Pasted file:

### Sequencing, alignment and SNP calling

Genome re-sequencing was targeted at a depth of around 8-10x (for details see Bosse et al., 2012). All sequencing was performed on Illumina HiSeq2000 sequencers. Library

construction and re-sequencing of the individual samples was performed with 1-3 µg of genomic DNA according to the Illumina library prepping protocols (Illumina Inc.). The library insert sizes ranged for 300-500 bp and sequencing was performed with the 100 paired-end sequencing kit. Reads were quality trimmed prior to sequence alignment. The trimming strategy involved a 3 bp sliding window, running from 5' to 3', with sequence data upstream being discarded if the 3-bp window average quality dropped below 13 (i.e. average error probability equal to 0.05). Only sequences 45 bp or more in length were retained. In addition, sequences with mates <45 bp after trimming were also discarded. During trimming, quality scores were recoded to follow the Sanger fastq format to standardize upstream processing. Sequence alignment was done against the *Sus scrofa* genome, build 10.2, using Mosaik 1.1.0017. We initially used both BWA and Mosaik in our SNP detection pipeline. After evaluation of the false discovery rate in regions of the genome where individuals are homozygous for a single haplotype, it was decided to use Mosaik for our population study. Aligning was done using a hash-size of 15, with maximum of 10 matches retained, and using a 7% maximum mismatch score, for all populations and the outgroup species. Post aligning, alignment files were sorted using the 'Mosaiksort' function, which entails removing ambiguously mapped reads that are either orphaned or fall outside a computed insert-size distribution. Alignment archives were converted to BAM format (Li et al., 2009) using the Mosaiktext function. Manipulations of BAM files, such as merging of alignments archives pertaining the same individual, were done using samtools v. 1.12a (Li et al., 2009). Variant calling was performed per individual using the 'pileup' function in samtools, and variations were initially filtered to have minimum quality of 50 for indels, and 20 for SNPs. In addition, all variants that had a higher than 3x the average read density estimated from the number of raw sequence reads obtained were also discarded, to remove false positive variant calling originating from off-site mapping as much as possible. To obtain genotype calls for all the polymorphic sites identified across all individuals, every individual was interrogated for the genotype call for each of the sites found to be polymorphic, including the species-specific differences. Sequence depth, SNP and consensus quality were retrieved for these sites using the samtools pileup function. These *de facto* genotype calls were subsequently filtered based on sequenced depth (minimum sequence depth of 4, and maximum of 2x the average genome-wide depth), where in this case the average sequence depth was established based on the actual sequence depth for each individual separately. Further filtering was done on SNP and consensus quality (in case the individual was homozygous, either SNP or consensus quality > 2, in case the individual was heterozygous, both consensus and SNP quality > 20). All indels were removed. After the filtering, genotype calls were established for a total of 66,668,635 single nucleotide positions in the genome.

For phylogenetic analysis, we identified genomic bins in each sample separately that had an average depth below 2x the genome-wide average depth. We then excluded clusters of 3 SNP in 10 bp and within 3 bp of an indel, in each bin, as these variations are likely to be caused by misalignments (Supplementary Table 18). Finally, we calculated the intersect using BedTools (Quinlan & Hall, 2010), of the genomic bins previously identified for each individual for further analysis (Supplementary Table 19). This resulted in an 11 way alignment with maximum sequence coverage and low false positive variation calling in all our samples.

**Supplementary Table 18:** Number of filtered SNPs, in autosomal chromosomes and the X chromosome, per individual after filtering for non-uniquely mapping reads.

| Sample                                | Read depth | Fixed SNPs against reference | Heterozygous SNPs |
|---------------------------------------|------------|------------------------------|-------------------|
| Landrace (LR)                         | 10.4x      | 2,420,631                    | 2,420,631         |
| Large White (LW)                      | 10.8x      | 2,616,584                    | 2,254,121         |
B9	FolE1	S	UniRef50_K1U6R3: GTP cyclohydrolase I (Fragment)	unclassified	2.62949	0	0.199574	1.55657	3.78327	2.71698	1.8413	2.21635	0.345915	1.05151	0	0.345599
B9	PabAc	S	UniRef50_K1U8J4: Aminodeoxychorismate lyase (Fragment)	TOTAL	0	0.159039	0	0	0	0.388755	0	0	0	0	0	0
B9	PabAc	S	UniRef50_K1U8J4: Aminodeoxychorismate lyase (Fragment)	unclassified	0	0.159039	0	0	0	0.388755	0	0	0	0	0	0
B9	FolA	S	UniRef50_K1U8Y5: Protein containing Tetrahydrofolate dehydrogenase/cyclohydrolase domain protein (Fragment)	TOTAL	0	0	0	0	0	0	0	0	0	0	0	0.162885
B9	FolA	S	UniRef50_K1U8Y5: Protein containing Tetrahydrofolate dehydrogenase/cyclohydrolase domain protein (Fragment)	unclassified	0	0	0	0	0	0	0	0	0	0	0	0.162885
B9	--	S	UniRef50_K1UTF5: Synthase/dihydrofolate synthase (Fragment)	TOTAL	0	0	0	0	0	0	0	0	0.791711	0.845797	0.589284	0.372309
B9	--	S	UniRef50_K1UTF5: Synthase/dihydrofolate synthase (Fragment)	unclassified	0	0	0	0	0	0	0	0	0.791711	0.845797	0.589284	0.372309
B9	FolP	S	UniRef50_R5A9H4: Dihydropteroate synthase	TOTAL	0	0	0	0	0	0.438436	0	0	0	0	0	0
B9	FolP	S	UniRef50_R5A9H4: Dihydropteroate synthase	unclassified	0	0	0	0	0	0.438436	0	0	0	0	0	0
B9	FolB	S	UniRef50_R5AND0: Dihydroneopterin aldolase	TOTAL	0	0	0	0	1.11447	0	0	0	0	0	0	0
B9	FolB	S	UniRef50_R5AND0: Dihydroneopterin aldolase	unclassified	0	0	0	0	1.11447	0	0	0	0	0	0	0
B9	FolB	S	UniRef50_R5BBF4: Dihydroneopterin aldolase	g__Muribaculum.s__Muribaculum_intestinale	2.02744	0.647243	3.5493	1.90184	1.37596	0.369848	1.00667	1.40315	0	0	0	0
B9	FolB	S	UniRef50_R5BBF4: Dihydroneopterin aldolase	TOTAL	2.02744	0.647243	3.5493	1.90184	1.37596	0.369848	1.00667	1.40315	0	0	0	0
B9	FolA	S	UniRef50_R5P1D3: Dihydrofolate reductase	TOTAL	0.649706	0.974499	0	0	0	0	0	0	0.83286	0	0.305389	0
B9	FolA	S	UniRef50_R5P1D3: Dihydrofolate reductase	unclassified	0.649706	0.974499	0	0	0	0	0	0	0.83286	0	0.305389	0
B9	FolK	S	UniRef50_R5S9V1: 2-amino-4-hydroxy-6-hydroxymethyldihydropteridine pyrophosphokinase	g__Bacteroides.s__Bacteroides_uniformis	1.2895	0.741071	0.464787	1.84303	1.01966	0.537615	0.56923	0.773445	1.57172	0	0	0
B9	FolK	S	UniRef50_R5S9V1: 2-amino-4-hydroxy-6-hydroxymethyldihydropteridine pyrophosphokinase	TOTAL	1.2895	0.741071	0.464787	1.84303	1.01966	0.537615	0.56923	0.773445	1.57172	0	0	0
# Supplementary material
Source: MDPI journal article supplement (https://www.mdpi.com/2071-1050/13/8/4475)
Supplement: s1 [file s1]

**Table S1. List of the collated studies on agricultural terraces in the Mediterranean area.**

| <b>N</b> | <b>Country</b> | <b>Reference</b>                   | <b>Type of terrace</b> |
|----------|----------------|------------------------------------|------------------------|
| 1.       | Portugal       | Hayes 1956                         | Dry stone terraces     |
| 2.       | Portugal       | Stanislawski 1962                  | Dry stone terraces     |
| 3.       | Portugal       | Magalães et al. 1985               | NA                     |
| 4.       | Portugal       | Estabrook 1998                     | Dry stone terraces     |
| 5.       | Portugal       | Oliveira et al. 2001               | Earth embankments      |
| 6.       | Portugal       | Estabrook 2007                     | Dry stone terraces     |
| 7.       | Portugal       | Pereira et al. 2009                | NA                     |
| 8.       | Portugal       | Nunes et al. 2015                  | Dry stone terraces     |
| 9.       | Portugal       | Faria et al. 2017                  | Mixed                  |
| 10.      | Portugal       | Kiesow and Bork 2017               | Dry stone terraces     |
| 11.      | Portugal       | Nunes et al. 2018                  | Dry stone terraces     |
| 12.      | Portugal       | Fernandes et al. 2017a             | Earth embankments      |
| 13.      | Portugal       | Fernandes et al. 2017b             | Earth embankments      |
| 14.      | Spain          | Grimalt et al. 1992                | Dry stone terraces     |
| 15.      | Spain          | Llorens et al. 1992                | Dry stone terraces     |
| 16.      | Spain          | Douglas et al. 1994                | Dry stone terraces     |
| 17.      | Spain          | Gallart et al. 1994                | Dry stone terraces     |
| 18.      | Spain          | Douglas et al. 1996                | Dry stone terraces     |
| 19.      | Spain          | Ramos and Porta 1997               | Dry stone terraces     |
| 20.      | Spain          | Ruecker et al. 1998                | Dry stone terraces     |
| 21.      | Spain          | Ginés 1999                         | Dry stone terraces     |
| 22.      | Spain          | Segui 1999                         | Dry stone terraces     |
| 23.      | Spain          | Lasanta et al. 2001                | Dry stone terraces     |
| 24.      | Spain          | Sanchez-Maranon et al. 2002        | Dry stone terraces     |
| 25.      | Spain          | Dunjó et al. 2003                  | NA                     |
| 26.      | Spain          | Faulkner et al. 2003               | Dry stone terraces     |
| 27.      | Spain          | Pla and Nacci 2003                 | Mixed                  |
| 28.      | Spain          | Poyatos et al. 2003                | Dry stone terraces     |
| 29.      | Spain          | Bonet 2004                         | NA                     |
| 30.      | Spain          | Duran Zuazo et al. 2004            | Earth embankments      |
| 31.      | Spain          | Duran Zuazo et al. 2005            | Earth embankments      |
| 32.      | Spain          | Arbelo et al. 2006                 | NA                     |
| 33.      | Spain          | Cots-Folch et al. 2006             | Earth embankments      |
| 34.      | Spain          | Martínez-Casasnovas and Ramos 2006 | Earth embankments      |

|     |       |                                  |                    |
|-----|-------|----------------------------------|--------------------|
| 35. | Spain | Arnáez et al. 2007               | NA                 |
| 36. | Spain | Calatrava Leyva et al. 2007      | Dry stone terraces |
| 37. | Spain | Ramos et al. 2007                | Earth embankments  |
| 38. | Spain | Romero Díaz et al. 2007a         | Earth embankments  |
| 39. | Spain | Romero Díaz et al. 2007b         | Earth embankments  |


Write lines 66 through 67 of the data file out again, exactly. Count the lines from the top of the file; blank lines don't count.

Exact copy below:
| 34.      | Spain          | Martínez-Casasnovas and Ramos 2006 | Earth embankments      |

|     |       |                                  |                    |